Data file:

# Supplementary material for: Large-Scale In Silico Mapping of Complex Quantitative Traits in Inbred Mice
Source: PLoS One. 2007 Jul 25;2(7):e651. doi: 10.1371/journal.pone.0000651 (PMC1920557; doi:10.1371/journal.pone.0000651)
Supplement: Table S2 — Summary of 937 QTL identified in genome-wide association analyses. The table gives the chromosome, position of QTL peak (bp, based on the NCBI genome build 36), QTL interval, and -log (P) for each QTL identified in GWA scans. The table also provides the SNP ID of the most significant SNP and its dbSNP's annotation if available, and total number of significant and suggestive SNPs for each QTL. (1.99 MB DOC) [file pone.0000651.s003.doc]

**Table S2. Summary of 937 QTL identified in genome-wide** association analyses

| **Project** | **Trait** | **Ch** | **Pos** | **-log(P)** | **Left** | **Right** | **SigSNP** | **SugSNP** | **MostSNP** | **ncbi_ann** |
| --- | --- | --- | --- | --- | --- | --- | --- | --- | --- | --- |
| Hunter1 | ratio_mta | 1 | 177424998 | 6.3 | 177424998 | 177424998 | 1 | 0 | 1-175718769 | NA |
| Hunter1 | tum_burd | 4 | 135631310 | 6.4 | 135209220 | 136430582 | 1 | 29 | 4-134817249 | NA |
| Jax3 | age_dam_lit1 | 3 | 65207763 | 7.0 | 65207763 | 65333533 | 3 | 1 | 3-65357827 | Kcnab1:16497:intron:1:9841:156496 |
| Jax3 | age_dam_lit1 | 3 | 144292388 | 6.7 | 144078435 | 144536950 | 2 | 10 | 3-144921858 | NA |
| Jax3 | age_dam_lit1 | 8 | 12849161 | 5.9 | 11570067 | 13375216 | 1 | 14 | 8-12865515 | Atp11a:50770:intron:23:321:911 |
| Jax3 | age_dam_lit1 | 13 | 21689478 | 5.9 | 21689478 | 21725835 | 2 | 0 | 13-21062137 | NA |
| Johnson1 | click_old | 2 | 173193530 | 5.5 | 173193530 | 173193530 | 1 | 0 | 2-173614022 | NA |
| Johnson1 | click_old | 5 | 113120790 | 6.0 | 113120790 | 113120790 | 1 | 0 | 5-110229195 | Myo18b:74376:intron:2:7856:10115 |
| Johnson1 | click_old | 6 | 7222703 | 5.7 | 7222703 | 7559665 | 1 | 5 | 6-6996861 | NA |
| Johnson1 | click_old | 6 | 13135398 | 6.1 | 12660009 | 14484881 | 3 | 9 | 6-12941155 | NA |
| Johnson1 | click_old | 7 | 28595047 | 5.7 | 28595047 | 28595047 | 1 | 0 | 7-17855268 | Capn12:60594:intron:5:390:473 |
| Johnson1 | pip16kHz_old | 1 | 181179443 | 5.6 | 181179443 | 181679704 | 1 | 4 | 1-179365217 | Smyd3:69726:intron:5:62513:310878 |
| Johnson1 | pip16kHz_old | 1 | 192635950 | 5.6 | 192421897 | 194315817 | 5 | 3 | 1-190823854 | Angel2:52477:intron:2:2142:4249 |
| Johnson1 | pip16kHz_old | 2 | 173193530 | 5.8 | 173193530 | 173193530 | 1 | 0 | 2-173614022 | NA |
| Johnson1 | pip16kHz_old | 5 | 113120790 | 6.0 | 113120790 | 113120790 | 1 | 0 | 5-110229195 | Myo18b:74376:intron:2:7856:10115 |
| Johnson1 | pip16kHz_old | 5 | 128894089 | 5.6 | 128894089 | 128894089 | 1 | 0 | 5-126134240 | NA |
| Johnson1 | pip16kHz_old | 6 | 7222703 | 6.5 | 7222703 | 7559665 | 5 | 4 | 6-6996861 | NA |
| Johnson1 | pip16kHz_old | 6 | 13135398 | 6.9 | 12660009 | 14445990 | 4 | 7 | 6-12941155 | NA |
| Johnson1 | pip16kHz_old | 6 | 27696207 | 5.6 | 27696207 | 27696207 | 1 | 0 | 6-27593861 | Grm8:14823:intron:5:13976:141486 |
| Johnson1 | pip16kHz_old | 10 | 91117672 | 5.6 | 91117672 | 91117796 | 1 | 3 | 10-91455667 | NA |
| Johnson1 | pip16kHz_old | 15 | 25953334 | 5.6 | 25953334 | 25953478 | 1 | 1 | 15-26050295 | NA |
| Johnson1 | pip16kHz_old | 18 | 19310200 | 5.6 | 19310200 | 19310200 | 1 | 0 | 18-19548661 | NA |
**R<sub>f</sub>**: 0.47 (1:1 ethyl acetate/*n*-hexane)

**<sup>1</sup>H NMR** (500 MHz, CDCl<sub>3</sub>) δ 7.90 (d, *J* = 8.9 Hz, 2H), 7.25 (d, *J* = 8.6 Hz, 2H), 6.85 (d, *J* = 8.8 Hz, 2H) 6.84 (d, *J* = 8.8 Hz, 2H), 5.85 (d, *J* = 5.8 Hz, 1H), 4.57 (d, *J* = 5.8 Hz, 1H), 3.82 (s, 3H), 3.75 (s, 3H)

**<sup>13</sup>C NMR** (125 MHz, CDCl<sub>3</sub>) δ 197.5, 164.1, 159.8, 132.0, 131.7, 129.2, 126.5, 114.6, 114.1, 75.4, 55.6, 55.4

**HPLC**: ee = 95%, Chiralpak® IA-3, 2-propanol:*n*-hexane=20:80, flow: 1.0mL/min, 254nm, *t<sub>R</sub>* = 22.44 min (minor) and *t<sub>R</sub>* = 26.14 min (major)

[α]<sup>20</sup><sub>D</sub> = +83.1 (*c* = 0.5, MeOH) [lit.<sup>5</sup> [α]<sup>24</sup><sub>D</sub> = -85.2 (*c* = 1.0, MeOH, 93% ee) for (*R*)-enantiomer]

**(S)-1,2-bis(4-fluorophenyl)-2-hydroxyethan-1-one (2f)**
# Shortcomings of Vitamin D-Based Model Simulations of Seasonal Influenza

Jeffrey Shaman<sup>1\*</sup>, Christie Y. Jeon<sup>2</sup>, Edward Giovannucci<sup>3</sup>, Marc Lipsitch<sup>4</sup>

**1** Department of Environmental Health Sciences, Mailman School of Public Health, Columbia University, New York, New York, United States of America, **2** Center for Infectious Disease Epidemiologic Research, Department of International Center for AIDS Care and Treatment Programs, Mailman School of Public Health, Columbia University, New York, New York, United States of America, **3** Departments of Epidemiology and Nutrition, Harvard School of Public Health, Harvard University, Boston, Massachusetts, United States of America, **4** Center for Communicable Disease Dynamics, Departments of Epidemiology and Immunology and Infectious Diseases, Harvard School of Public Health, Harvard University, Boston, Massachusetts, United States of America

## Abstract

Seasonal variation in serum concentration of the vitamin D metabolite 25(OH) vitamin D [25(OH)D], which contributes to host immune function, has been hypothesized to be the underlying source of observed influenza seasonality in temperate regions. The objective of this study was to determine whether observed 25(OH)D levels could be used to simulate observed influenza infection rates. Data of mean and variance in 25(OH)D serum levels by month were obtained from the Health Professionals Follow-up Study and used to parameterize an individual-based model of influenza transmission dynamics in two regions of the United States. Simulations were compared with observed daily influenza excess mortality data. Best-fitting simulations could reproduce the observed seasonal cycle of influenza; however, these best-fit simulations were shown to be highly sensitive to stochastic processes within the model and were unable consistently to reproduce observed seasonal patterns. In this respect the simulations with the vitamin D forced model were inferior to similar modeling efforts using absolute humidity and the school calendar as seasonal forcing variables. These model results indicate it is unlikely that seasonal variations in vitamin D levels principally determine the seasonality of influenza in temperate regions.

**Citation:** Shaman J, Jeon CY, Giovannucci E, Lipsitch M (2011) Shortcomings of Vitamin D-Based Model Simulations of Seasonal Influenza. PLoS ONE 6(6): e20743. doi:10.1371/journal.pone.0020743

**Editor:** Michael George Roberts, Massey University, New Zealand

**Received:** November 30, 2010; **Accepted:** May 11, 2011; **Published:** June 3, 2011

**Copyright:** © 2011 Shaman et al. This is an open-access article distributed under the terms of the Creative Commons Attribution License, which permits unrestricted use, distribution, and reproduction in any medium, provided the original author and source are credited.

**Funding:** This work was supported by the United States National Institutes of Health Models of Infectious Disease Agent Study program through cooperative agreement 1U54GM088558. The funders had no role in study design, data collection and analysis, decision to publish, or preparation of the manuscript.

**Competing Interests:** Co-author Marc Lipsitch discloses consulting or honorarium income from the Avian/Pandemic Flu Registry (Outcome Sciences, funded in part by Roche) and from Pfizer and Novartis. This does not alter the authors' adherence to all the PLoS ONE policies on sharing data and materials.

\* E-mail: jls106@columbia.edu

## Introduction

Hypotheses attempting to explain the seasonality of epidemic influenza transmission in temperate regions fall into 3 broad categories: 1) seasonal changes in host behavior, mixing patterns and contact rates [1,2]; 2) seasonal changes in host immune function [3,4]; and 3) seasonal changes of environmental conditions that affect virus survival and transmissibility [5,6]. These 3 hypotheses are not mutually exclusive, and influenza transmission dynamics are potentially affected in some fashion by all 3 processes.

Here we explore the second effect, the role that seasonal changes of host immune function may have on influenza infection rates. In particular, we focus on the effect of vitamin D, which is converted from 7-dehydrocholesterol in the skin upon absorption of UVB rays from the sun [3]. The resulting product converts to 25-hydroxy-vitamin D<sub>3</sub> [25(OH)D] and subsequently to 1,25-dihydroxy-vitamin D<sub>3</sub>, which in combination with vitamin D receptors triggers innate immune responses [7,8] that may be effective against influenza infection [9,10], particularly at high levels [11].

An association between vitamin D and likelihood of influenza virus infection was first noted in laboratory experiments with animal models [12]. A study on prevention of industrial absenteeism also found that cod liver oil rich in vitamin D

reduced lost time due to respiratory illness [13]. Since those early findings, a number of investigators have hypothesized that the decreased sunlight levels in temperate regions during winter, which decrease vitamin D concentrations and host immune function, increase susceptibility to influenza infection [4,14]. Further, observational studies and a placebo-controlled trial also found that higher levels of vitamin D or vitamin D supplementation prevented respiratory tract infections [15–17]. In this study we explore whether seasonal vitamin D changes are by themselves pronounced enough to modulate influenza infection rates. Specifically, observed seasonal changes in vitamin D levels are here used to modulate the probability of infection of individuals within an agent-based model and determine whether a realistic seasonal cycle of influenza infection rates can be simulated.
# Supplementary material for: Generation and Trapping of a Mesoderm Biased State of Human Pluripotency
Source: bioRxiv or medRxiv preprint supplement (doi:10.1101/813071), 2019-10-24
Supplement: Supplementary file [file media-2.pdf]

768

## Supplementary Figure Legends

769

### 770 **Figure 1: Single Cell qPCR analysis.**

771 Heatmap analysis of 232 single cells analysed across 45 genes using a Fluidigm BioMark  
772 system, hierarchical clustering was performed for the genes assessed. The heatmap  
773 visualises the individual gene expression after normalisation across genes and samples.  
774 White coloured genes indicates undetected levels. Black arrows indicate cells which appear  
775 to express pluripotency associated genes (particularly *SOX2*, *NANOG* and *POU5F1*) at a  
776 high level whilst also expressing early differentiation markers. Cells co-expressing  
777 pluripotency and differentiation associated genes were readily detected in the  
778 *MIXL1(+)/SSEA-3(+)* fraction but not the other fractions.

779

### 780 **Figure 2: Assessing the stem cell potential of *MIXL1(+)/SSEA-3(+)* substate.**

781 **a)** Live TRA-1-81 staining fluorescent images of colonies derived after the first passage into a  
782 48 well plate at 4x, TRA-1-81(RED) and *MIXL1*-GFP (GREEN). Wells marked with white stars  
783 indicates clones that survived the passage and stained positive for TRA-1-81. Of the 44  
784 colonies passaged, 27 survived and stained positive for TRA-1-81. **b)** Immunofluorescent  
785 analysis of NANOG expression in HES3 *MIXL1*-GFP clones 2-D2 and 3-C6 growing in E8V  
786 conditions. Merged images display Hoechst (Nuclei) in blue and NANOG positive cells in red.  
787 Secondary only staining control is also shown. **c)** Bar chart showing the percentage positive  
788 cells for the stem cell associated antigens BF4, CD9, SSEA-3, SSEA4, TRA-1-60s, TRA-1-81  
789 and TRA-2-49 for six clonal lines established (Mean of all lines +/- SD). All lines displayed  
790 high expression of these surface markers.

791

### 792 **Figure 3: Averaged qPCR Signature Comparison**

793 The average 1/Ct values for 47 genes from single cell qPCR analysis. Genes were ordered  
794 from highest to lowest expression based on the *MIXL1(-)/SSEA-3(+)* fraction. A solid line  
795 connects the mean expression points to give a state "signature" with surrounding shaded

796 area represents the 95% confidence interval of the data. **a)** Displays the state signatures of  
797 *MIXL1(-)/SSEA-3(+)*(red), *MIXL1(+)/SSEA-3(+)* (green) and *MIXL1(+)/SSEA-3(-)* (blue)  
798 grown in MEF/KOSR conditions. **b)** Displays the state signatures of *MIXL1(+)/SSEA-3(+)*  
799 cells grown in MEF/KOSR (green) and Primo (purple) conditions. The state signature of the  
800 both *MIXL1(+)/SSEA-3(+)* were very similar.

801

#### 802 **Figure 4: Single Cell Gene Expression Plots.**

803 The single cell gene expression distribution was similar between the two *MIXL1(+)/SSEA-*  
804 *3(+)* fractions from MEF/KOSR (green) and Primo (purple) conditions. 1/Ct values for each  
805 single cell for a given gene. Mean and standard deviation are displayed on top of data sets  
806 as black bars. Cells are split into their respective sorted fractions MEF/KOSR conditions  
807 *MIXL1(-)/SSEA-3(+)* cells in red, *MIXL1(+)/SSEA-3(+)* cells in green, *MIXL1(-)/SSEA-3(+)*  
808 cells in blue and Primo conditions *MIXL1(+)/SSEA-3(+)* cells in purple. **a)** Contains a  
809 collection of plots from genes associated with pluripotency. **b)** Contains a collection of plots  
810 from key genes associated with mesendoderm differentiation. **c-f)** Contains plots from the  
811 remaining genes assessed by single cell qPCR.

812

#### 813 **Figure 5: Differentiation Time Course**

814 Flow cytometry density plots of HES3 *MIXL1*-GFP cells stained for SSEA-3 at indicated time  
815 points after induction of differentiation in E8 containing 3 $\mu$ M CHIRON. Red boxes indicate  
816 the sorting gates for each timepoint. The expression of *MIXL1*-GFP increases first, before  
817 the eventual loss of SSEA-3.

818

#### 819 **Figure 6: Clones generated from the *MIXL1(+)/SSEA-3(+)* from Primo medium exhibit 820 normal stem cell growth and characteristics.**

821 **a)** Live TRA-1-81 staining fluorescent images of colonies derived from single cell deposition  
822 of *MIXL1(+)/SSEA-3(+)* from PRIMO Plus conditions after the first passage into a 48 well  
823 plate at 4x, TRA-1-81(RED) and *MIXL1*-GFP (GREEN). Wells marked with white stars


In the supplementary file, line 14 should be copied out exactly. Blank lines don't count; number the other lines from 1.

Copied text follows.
| Johnson1 | click_old | 5 | 113120790 | 6.0 | 113120790 | 113120790 | 1 | 0 | 5-110229195 | Myo18b:74376:intron:2:7856:10115 |